"Not pleasant information this, our friends gave us last night," said Arthur. "What can we do?"

"Wait events," answered his brother; "forewarned is forearmed. We will keep our knowledge to ourselves, though it will be necessary to advise Green not to trust to any of the men, so as to be led into mischief by them. Perhaps the accounts of their misconduct may have been exaggerated."

Travelling in Australia has its disagreeables as well as its agreeables: there are heavy rains and fogs and sharp winds in winter; and in summer, scorching blasts and stifling heat, and biting or stinging insects, flying, and crawling, and hopping, and dust and smoke from bush fires and the burning trees, and want, at times, of water; but, notwithstanding these occasional drawbacks, so delightful is the perfect freedom to be enjoyed, the pure, bright atmosphere, and the general healthfulness of the climate, that in the opinion of most people the advantages very greatly preponderate.

The brothers had expected to reach the station in the afternoon, but an accident to the cart caused some delay, and the sun set before it appeared in sight. Their black guide, however, assured them that the intervening country was tolerably level and easy, and that as there were certain woods he knew well, and a river on the other side, they could not miss their way. Accordingly they pushed on, though it became so dark that they began to wish that they had camped at the usual hour. Suddenly, as they reached the confines of a wood, their horses snorted and started, and refused to proceed—those in the cart very nearly upsetting it by turning rapidly round; and, had not Sam caught their heads, they would have galloped off in an opposite direction. Directly afterwards, a bright light burst forth from the wood and a spectacle appeared sufficient to make even a stout heart, with any tendency to superstitious feelings, tremble. From among the trees, just beyond the light, appeared, flitting in and out, some twenty or thirty blanched skeletons, throwing their bony arms and legs with the greatest rapidity into every conceivable attitude. Now they disappeared in the darkness, now again they darted into light; round and round they went, now seeming to sink into the ground, now leaping into the air, and often turning head over heels. All the time not a sound proceeded from the phantom-looking dancers. The Gilpins could scarcely help fancying themselves under some delusion. They rubbed their eyes.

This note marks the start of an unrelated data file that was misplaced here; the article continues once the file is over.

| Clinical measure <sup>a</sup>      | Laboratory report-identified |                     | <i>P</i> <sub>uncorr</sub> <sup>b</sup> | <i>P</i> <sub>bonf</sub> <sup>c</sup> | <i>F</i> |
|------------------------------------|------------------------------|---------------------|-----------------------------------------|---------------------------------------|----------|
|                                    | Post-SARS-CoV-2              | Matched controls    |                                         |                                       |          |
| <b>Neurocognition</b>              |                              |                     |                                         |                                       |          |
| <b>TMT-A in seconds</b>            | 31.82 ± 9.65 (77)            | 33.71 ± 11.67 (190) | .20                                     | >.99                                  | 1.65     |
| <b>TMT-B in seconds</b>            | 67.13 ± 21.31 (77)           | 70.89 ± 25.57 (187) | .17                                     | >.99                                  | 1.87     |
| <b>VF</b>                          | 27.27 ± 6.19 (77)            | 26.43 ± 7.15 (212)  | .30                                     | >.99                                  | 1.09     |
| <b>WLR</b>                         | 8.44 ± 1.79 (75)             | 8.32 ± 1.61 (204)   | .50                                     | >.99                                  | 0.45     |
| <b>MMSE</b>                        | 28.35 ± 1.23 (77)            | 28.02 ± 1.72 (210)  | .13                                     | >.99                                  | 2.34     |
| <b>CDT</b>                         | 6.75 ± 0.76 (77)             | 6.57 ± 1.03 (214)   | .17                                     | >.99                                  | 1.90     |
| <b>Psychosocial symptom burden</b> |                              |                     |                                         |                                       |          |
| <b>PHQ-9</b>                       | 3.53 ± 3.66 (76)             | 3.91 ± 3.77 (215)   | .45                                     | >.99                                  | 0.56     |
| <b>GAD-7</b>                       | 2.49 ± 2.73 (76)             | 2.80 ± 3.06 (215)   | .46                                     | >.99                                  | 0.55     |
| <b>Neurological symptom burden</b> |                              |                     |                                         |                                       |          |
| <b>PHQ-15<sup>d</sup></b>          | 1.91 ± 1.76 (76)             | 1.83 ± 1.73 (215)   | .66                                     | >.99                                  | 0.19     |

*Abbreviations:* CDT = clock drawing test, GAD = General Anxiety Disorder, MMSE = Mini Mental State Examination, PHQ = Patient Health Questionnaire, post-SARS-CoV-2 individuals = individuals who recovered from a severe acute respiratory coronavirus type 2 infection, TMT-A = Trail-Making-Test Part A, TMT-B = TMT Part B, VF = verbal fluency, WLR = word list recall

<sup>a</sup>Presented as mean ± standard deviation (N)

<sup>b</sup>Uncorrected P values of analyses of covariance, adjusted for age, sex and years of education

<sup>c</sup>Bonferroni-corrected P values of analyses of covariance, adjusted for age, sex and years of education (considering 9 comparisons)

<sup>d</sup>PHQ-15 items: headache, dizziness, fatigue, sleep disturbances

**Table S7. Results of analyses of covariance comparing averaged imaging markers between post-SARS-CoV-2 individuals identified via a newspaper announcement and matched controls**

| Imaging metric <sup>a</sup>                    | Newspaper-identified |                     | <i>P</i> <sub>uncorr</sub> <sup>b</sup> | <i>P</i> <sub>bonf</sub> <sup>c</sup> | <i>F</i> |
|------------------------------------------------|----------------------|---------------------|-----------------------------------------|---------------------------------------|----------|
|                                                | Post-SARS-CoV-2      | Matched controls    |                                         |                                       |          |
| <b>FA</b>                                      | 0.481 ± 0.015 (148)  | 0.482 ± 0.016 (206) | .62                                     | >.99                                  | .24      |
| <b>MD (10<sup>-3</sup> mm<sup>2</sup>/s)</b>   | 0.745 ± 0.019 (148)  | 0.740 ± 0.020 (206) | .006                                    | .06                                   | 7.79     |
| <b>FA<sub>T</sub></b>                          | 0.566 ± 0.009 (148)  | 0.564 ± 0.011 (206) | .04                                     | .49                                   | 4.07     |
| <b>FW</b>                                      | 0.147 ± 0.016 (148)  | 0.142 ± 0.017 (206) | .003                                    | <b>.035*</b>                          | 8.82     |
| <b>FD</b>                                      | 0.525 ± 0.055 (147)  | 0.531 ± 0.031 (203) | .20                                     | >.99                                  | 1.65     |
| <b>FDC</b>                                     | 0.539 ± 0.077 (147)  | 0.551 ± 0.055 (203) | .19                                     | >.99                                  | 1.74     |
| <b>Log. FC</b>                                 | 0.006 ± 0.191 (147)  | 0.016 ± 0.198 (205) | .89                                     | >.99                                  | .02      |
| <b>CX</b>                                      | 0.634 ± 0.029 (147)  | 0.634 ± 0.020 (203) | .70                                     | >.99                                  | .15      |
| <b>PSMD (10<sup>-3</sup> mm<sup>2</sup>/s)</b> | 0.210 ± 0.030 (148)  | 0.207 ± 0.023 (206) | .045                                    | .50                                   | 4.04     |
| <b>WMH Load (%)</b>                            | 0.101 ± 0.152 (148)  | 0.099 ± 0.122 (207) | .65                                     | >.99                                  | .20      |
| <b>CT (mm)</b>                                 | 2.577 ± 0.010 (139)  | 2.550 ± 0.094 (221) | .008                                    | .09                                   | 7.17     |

"What is it?" exclaimed Arthur. "Horrible! most horrible! Do you see the skeletons?"

"Indeed I do," answered his brother; "but such things cannot be—are not—at all events."

Sam Green had hitherto been engaged with the horses; he now came up to the point where the hideous spectacle was visible, and no sooner did his eyes rest on it than he exclaimed, "Run, squires, run! If it was mortal foes I'd stick by ye; but that's more than any mortal man can dare to face. Oh! this is a terrible country, where the people cannot lie quiet in graves, but must needs go skipping about without any flesh on their bones."

"The hoighth of ondacency!" cried out Larry, in a voice which showed very little, if any, alarm. "Murra, go and tell your ugly countrymen that they are frightening the horses, and that they must turn their other sides to us till we have passed."

This order was given to the guide, who ran fearlessly up to the spot where the skeleton dance was proceeding, and no sooner did he reach it than the whole vanished like magic.

"It's only some black fellows dancing a Corroborry," said the Irishman, laughing; "you needn't be in such a mighty tremble, Sam. We haven't the shred of a ghost out here; there may be some in the old country, but they're not fond of the salt sea, and couldn't cross it, not if they were paid for it, except they came out at the expense of the Government, like some other honest gintlemen I've heard spake of."

The horses, however, were still very unwilling to proceed, and it was some time before they could be coaxed past the suspicious spot; they then set off at increased speed to get away from the object of their dread. The party pulled up for the black, who came running up. "No good people," he said, in a low voice; "come here, do bad."